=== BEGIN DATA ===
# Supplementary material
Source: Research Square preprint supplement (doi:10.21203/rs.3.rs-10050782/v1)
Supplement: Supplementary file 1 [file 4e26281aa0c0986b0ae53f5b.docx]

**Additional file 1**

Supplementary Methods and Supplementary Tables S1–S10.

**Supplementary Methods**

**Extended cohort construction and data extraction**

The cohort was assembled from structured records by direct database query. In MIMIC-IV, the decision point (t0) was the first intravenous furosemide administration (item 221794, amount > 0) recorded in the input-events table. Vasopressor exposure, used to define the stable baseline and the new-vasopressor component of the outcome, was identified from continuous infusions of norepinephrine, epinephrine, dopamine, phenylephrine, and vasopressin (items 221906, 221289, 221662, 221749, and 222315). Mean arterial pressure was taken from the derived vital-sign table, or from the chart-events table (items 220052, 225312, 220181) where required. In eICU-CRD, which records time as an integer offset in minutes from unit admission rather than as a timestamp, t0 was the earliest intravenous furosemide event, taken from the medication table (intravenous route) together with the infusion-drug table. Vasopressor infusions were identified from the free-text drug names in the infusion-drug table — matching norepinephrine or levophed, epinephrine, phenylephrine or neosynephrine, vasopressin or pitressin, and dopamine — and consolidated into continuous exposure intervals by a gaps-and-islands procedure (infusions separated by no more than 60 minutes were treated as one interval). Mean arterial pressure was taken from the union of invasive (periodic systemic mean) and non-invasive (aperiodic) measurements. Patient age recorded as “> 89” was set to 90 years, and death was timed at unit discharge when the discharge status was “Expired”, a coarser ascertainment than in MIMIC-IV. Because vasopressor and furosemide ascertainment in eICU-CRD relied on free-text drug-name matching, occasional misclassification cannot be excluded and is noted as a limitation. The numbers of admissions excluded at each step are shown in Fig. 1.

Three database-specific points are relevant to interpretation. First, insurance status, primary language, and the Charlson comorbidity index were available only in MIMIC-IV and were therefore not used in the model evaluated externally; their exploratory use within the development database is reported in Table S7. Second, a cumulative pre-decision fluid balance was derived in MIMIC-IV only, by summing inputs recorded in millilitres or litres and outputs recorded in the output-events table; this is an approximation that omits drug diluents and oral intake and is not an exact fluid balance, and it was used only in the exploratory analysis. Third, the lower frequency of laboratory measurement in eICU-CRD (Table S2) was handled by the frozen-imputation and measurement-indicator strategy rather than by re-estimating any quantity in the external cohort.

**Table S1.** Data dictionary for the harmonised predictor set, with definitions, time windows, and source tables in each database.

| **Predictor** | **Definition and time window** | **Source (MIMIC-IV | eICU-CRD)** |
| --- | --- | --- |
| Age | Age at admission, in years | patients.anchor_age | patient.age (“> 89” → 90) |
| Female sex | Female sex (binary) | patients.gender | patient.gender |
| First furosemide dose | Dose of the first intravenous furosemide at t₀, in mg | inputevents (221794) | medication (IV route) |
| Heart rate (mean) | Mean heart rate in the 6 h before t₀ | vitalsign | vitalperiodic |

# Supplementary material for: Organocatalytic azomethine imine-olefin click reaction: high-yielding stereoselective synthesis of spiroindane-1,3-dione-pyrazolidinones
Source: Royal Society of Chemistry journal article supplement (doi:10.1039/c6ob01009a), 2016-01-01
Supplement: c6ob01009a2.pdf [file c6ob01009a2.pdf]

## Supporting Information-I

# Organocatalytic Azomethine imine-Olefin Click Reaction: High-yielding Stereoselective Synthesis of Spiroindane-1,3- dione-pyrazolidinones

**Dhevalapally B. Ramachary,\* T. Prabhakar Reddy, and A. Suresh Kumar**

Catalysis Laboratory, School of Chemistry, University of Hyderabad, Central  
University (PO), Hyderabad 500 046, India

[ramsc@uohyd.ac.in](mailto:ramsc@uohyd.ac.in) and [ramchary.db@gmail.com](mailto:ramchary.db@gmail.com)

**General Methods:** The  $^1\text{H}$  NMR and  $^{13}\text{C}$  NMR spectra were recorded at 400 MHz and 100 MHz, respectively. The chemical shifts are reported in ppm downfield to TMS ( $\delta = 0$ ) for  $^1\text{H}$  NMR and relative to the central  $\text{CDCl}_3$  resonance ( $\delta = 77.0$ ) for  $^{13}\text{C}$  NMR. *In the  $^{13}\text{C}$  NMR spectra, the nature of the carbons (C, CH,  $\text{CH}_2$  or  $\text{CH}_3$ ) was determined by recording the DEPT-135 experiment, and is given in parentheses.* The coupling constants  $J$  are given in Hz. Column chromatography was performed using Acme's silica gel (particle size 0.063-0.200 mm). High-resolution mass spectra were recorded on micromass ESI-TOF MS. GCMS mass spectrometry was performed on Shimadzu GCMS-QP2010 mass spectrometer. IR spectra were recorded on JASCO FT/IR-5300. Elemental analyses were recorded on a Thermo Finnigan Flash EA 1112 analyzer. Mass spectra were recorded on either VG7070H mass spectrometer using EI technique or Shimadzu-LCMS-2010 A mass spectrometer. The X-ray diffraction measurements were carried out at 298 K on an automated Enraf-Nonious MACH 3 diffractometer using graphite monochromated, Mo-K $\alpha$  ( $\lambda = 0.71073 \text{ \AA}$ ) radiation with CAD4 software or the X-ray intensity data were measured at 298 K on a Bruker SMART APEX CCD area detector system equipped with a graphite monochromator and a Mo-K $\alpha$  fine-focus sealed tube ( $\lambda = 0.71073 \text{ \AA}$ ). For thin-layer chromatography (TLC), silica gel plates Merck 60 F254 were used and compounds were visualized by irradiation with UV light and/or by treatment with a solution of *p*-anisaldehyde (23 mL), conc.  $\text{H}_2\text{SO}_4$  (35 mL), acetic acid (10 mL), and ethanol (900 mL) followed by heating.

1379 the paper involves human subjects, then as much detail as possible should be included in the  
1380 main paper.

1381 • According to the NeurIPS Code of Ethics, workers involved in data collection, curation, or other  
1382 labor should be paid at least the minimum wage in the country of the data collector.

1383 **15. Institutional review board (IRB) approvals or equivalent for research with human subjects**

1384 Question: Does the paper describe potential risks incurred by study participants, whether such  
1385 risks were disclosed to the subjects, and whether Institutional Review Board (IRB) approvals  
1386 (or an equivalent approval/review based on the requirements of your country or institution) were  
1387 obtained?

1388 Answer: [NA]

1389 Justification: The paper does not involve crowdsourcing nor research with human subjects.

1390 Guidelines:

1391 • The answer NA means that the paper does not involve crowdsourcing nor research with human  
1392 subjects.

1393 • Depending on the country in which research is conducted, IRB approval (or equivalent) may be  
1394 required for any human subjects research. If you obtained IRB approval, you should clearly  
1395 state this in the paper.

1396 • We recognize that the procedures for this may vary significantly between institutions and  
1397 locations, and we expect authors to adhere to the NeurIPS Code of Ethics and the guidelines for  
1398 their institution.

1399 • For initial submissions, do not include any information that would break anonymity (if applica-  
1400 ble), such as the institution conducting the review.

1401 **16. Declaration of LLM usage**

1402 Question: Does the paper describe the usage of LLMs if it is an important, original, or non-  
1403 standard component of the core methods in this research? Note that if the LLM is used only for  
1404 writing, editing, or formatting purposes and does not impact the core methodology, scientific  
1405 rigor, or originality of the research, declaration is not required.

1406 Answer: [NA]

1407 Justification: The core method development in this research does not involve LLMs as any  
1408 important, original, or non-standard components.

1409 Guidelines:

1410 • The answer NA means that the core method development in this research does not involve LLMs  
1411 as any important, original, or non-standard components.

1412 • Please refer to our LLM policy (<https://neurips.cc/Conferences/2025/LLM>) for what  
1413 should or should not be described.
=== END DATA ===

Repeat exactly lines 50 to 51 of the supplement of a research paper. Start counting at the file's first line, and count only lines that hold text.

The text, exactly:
1402 Question: Does the paper describe the usage of LLMs if it is an important, original, or non-  
1403 standard component of the core methods in this research? Note that if the LLM is used only for  